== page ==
Just keep asking simple questions like that. Tell him you’re not trying to argue, but you sincerely want to understand how what he says is what Jesus really meant. Right?

If he asks something you can’t answer, just say, “Good question! Let me do some research and get back to you soon.” Then post a discussion topic at this forum to ask for advice.

Let me know if there’s anything else I might do to help. :slight_smile:


But what shall I say about the cannibalism part?


So, as for canibalism, you might say that’s a good explanation as to why they rejected what Christ was saying. They thought he was telling them to become canibals, but he was instead speaking of the Eucharist.


He is not interested in dialogue is my guess.

Cannibalism is eating of the dead. Christ is not dead.

Best to simply pray that God sends someone along who can open his eyes.


That’s what Christ meant when he held up the bread at the last supper and said, “Take this and eat it. This is my body.” I mean, when I was a Protestant, I thought he meant, “This is [a symbol of] my body.” But John 6:54 tells me he really meant, “This is my [actual] body.”

I like how St. Augustin put it: “Christ held his own body in his hands when he said, ‘This is my body.’”


Focus on these quotes at

Literal Bible Passages

But, i suggest that you refuse to join him in a Bible study because he has an agenda. It is hard to beat a person in his own argument since he is already prepared to distort the truth (unknowingly).




Yeah, yeah! You’re probably right about the Protestant’s intentions, but I had similar intentions years ago when I debated here. It was patient and kind Catholics like Rosie11 who showed me how what Catholics believe just might be true. :slight_smile:


Wow that answer just blew my mind :scream: I’m in utter and complete shock as to why I didn’t think of that myself omg omg omg


First of all - love the name. Second - full disclosure - I’m a Protestant (Reformed flavor). Third, to the OP, I would say that if one feels that a Protestant - or anyone for that matter - is trying to bully you into a “Bible study” by accusing you of having a “hard heart”, it’s not a Bible study at all. Christians study the Bible together because wherever 2 or 3 are gathered in our King’s name, he promises to be there. Our study should be focused on Him first, and loving each other (our neighbors) second. Anything else reeks of pride. I am sorry that this Protestant is behaving this way and on behalf of all Protestants ask for your forgiveness. Now on to the topic at hand.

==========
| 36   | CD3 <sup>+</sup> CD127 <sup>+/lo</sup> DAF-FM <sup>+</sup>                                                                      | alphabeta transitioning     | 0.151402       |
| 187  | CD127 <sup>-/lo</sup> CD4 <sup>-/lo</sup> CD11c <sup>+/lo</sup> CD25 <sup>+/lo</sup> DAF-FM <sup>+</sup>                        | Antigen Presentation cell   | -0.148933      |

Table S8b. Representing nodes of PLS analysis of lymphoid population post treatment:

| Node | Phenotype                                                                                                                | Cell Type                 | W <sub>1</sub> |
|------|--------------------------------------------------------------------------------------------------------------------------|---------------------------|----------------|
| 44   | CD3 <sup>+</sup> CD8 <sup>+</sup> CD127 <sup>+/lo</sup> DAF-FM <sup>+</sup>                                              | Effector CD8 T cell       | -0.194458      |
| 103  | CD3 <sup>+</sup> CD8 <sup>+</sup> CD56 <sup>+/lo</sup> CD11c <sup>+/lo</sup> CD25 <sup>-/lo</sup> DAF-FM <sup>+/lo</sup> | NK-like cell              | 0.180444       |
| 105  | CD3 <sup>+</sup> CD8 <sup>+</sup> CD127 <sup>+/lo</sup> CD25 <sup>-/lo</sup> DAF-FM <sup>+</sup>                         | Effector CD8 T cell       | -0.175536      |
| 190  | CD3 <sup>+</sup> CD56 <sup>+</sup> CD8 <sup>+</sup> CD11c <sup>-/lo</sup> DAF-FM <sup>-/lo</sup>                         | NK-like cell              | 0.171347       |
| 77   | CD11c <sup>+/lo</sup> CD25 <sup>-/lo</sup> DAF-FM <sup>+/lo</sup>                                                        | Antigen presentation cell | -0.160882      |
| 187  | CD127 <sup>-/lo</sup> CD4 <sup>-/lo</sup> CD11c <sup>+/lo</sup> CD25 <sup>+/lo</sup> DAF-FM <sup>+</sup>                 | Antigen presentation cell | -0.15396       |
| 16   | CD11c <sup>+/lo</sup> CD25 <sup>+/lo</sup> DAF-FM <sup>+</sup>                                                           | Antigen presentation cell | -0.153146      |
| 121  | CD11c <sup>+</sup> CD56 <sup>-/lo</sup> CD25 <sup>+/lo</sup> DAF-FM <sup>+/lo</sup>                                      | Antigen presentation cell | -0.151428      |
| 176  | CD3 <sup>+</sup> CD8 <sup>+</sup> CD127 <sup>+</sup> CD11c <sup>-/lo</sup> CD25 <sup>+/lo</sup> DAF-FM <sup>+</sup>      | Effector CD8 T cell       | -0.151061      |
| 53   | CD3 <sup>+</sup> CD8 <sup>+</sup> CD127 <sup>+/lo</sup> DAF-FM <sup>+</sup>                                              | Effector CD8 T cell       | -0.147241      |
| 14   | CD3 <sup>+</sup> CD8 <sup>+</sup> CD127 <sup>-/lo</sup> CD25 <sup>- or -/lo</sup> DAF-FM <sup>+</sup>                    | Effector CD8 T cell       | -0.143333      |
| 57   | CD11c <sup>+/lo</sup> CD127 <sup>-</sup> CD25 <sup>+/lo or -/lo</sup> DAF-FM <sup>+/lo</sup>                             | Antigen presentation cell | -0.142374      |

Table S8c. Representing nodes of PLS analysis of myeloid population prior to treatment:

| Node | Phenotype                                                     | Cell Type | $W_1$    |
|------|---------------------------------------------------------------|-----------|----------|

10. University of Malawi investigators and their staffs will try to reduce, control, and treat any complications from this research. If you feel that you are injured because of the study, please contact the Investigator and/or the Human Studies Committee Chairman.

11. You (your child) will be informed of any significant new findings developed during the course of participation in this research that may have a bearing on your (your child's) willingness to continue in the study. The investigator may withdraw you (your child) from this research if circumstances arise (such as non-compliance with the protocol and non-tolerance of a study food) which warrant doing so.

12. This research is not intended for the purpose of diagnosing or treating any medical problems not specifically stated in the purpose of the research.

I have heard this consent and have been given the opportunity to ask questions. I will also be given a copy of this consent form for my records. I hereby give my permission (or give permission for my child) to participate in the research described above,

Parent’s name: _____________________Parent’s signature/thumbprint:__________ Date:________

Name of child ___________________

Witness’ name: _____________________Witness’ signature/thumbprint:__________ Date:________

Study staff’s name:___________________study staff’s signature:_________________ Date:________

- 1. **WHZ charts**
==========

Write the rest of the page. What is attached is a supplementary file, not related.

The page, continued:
I’d be a bit careful with the idiomatic argument - or at least using it in a vacuum. In the Sermon on the Mount (Matt 5:30), Jesus said, “If your right hand causes you to sin, cut it off and throw it away…” As far as we know, all the disciples had both hands (and eyes), no? And besides, the theological argument that Protestants (especially Reformed Protestants) have with transubstantiation is around the concept of continual sacrifice. It’s a long story, but the way simple answer is that we try to hold John 6 in tension with Hebrews 10 (kairos and chronos time notwithstanding).

Having said that, I think we Protestants have completely thrown the baby out with the bathwater when it comes to liturgy in general and the Eucharist in particular. I mean, cheese and rice, we corporately confess our loyalty to the United States (which is a good thing) way more than we corporately profess our faith in Christ (you guys say the Nicene Creed at every Mass). We celebrate the Eucharist way to infrequently, and when we do, we don’t take it nearly seriously enough (as Paul directs us in 1 Corinthians).

But I digress. If I were a Catholic, I would tell a Protestant that I take the Lord’s Supper very, very seriously as directed by Christ himself and seconded St. Paul. I take Christ - my King, my Savior and my friend, at his word that, through the eyes of faith, he is actually physically present in the Eucharist. Every time I eat his body and drink his blood, I’m reminded of and sustained by the incredible sacrifice he made for me. By his grace and through the sacraments I come to know more and more who I am, and (more importantly) whose I am.

I’m a Reformed Protestant and will always be one. But I’m also a Reformed Protestant who is very, very thankful for and cognizant of the defense of orthodoxy that the Roman Catholic church has provided all of us for thousands of years. My continual hope and prayer is that one day, sooner rather than later, we can celebrate our shared love for our great King and Savior together over His table.